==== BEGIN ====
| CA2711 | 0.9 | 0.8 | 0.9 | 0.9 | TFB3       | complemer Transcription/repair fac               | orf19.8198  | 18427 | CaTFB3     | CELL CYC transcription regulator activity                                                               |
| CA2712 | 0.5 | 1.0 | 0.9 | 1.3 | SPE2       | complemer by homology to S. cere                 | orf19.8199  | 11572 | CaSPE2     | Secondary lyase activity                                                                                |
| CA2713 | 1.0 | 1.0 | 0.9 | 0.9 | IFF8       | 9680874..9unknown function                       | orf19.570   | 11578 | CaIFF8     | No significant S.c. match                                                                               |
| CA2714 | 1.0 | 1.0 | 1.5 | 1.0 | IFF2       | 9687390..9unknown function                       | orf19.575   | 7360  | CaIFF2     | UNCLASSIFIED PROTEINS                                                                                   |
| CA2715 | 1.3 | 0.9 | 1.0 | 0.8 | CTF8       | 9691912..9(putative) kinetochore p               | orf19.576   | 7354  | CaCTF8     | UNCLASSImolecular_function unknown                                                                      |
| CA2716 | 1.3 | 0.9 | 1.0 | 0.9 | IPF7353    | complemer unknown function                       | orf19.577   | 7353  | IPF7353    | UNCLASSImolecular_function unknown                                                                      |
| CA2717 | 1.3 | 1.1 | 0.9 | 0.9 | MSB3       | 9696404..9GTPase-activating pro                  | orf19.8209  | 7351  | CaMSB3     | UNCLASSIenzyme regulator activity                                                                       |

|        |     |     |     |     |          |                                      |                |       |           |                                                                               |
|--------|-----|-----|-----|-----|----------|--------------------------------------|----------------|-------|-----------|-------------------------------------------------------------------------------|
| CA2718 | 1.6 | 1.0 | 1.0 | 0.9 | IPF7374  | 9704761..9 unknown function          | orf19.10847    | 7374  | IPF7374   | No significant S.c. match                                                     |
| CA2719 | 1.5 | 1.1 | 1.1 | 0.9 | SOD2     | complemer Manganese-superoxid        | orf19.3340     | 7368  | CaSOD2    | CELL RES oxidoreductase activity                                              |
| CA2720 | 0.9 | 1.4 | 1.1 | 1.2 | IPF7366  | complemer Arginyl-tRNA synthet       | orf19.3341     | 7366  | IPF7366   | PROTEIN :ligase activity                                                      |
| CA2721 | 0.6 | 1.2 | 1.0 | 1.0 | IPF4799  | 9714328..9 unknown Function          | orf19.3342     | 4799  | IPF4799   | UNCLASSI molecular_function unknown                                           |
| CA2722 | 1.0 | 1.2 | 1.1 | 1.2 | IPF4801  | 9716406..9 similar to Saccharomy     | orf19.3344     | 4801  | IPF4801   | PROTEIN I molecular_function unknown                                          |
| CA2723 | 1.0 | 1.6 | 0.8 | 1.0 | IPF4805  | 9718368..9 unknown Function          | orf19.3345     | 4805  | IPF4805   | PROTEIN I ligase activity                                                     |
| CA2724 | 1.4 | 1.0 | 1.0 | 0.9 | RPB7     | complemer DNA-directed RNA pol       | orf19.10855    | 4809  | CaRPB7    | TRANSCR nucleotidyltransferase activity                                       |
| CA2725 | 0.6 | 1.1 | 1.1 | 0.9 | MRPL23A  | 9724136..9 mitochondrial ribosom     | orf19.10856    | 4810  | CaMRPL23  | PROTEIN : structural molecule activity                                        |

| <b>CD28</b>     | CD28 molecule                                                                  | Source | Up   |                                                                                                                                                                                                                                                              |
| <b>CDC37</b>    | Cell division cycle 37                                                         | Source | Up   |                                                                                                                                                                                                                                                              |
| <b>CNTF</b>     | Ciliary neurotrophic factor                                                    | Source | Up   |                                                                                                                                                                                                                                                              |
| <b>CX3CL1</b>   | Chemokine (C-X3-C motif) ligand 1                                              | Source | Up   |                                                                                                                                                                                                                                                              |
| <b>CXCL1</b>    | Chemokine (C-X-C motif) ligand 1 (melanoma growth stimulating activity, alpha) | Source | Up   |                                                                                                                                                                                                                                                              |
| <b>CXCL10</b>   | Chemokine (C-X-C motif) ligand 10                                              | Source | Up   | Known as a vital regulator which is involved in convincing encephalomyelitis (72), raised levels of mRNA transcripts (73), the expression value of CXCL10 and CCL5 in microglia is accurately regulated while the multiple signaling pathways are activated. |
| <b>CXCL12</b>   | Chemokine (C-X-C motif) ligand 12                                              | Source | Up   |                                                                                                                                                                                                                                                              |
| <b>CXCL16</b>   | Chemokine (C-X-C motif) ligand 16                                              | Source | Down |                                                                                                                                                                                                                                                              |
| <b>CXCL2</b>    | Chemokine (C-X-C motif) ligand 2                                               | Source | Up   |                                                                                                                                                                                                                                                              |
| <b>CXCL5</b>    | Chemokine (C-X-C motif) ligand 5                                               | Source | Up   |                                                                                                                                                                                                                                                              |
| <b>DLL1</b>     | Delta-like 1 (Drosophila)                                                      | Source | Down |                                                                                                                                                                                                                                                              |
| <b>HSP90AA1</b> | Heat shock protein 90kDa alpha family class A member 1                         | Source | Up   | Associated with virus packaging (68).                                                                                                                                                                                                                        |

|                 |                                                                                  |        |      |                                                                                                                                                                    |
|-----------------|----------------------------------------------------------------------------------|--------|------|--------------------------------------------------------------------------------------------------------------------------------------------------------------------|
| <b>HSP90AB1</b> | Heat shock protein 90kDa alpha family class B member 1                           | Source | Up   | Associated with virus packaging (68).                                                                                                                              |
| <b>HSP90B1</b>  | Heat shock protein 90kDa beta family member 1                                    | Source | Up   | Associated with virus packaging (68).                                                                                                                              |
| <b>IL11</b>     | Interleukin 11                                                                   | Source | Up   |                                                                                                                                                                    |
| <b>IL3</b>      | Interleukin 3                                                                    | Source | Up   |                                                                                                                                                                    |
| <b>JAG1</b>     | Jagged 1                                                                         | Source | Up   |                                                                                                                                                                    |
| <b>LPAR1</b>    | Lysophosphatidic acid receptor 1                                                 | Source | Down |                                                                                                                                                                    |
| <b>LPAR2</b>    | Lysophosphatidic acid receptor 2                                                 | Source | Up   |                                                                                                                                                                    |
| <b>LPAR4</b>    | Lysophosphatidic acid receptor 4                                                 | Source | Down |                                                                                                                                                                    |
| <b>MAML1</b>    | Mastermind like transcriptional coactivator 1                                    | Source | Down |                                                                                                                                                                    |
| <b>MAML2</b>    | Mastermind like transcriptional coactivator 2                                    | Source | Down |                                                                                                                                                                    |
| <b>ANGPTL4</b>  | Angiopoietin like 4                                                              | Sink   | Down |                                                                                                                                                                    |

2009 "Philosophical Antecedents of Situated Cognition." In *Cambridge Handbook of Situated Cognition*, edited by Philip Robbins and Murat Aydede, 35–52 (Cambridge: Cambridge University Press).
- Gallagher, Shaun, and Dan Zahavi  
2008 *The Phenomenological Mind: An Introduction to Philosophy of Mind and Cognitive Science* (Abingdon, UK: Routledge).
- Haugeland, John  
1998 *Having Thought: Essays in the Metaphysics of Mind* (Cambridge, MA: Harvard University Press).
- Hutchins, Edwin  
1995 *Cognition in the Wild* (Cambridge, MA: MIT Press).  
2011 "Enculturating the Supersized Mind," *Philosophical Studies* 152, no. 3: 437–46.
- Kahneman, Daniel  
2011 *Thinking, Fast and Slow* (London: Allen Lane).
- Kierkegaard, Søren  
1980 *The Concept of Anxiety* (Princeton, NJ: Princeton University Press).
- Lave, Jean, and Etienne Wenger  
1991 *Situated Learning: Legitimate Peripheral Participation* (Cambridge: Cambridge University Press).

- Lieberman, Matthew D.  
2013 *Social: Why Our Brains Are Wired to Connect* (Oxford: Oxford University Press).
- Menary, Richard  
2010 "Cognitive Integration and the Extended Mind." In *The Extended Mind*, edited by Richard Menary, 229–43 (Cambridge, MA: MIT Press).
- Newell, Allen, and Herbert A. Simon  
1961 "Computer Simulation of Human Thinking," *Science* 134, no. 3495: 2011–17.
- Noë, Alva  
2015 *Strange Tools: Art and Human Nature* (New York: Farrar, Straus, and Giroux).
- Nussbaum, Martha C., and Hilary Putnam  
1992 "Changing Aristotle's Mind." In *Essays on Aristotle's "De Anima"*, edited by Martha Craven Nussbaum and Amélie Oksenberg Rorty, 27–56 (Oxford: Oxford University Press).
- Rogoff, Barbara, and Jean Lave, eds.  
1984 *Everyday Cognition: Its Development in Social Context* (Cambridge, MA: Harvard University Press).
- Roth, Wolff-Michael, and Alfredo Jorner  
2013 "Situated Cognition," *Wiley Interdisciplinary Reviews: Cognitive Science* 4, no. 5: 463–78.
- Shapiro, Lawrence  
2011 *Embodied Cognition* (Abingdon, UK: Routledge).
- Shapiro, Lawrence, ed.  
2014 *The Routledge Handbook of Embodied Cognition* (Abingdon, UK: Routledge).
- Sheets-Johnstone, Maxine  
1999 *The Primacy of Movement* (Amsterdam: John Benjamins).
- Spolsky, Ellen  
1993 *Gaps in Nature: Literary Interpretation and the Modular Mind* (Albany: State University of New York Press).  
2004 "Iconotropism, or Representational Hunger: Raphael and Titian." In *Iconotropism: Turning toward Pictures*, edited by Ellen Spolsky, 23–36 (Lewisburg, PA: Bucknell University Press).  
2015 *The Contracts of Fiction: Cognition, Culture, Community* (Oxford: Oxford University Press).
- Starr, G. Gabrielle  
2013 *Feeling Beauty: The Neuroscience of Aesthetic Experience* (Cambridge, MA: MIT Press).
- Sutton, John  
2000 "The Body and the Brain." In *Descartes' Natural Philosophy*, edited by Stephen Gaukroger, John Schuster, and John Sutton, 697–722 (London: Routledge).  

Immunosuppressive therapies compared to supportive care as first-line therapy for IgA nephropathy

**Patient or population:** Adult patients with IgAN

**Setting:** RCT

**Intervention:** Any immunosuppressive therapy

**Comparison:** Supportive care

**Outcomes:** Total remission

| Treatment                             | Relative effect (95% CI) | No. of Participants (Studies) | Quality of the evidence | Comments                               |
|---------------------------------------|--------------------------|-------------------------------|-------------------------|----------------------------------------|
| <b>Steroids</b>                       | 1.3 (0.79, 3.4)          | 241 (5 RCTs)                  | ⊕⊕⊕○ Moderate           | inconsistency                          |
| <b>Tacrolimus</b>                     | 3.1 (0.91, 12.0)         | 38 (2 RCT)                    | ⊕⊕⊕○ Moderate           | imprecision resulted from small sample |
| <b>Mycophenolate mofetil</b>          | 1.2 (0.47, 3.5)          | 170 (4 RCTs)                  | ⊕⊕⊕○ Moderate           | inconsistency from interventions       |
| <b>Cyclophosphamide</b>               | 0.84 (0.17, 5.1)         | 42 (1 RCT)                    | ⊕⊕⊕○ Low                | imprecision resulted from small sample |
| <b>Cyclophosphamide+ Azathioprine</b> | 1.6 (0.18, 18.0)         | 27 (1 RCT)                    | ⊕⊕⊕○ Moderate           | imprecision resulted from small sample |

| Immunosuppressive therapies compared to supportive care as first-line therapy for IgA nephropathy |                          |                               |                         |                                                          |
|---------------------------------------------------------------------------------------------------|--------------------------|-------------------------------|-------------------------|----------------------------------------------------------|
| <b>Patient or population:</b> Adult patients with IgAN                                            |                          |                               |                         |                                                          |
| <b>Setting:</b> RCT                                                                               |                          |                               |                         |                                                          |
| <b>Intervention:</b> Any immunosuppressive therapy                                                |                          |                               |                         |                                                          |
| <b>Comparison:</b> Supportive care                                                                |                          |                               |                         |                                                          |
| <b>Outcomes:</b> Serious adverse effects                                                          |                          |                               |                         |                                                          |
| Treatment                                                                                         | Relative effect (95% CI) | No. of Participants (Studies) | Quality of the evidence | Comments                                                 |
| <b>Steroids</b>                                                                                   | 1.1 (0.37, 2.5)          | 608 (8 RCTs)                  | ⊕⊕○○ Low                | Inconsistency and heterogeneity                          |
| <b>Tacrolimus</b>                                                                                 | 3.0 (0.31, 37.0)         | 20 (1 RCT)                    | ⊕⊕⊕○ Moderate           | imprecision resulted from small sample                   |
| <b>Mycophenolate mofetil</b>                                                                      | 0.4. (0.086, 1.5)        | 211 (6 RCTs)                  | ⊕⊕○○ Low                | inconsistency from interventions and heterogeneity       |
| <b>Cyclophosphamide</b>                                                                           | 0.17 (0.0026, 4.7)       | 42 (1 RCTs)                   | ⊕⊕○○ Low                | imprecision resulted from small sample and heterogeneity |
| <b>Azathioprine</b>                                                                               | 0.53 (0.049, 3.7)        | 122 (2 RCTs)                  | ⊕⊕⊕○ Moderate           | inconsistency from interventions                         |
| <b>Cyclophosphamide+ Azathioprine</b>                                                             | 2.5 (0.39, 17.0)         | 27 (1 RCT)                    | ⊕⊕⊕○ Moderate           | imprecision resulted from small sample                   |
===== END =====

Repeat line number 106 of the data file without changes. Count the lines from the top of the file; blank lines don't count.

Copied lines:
| <b>Steroids</b>                                                                                   | 1.1 (0.37, 2.5)          | 608 (8 RCTs)                  | ⊕⊕○○ Low                | Inconsistency and heterogeneity                          |